According to the Cubs 2007 Media Guide, this season will mark the 36th time in franchise history that the Cubs have faced the Reds on Opening Day. It is said that all but two of those meetings have come in Cincinnati. Monday will also be the third time in the past four years (and fourth time in the past six years) that Chicago has traveled to Cincinnati for the start of their season.
In preparation for the Cubs-Reds series we visited with Mark Schmetzer, the Editor in Chief of Reds Report Magazine, to break down this year's Reds team, what to look for from the Reds in 2007, and more. His answers follow.
Where do the Reds most differ this season from a year ago in your opinion?
Mark Schmetzer: One of the areas where you'll see a big difference in the Reds this year is defense. They acquired Alex Gonzalez to play shortstop and they'll be teaming him with Brandon Phillips at second base. Just on that move alone, with the emphasis on the importance of defense up the middle, I think you'll see tremendous improvement on the Reds defensively, especially with Edwin Encarnacion getting a year of experience under his belt at third base. They moved Ken Griffey, Jr. from center field to right field and they have Ryan Freel in center field. I'm not sure how much of an impact that's going to have defensively, but I just think with the addition of Alex Gonzalez at shortstop, which I consider to be the most important position on the infield, you'll see a much better Reds team defensively. I also think you'll see them continue to improve on the starting pitching. They moved up significantly in that category last year and I think you'll see them get even better this year.
Is this the strongest pitching staff the Reds have had in recent years?
Mark Schmetzer: I don't think there's any question about it that we have a stronger pitching staff than we've had in some time. They put Eric Milton on the DL with lower back problems, but I really think one of the guys that you're going to find helping the Reds this year is Kirk Saarloos. In fact, I really think that he could be this year's Bronson Arroyo for this team. That's assuming they put him in the starting rotation, which is still up in the air. But the way Matt Belisle pitched on Friday, I think the Reds were kind of disappointed in the fact that he didn't show any improvement or changes in his patterns from previous starts. I really think if they give Kirk Saarloos a chance, he can be a boom to this starting rotation.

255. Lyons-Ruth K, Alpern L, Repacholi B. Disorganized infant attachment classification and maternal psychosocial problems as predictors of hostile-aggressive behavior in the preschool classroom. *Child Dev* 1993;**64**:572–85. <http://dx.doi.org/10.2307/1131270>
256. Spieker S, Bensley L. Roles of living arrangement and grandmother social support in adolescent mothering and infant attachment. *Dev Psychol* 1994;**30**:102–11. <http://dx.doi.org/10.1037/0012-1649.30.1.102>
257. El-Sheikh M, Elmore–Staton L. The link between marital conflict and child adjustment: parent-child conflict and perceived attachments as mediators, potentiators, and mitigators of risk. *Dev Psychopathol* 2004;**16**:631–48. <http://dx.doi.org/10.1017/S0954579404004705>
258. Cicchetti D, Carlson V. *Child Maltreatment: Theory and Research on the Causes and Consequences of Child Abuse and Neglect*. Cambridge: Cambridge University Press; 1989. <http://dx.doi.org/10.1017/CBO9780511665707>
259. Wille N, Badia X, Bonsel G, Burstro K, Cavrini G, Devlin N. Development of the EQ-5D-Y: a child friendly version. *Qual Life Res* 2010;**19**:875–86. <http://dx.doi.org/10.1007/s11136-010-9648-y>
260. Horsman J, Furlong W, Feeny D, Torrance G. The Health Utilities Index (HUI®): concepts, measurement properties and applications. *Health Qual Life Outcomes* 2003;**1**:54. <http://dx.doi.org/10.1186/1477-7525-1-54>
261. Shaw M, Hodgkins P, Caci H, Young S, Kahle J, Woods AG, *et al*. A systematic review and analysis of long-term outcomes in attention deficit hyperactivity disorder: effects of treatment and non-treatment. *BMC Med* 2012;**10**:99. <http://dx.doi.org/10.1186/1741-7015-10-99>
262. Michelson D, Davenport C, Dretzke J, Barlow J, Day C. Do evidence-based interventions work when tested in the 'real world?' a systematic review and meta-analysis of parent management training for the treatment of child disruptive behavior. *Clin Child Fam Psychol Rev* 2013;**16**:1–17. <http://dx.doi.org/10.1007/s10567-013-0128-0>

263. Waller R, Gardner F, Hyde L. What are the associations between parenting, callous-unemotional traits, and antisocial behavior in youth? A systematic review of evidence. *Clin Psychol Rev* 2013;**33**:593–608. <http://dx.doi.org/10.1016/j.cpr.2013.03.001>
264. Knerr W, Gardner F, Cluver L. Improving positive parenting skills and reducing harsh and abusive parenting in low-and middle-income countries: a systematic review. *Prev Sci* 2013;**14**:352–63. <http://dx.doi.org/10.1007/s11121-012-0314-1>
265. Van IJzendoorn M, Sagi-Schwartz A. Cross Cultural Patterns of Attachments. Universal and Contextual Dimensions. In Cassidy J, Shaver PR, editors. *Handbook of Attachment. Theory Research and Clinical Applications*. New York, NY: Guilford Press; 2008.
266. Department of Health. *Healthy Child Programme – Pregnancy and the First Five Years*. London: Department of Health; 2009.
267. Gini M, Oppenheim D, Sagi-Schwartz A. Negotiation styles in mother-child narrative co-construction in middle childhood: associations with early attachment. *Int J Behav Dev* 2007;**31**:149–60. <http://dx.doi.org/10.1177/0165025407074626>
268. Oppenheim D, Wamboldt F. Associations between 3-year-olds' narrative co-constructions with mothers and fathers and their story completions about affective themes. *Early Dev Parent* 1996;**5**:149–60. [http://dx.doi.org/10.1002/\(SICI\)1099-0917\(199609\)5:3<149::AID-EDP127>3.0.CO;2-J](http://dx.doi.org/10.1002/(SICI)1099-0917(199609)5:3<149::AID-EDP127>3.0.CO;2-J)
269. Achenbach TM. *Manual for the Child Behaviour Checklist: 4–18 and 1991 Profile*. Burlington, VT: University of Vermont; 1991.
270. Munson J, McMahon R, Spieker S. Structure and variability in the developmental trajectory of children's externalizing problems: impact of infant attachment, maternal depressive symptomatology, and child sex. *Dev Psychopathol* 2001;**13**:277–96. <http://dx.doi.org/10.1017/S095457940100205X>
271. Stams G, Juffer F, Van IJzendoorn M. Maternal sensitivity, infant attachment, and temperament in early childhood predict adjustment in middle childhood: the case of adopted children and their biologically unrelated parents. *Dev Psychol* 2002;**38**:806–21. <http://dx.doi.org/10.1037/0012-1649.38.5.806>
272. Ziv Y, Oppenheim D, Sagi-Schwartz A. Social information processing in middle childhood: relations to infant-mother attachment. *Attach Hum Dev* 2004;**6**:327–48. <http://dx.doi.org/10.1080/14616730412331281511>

The one guy everyone has their eyes on is the Reds' top pitching prospect, Homer Bailey. How soon can we expect to see him, and do you think he'll contribute to the Reds rotation in 2007?
Mark Schmetzer: I'll put it this way: I would prefer that the Reds not need to see him this year. I would prefer that he gets a year under his belt at Triple-A. Even after he was sent down to the minor league camp, he still was having some problems down there. He put together some rough innings pitching in the minor league camp, so I think this guy needs more work than a lot of people think. There are some fans and some newspaper writers up here who just keep beating and beating the Homer Bailey drum, but I'm here to tell you this guy needs I think a year in Triple-A. The Reds would be much better off if they could get by without having to call him up.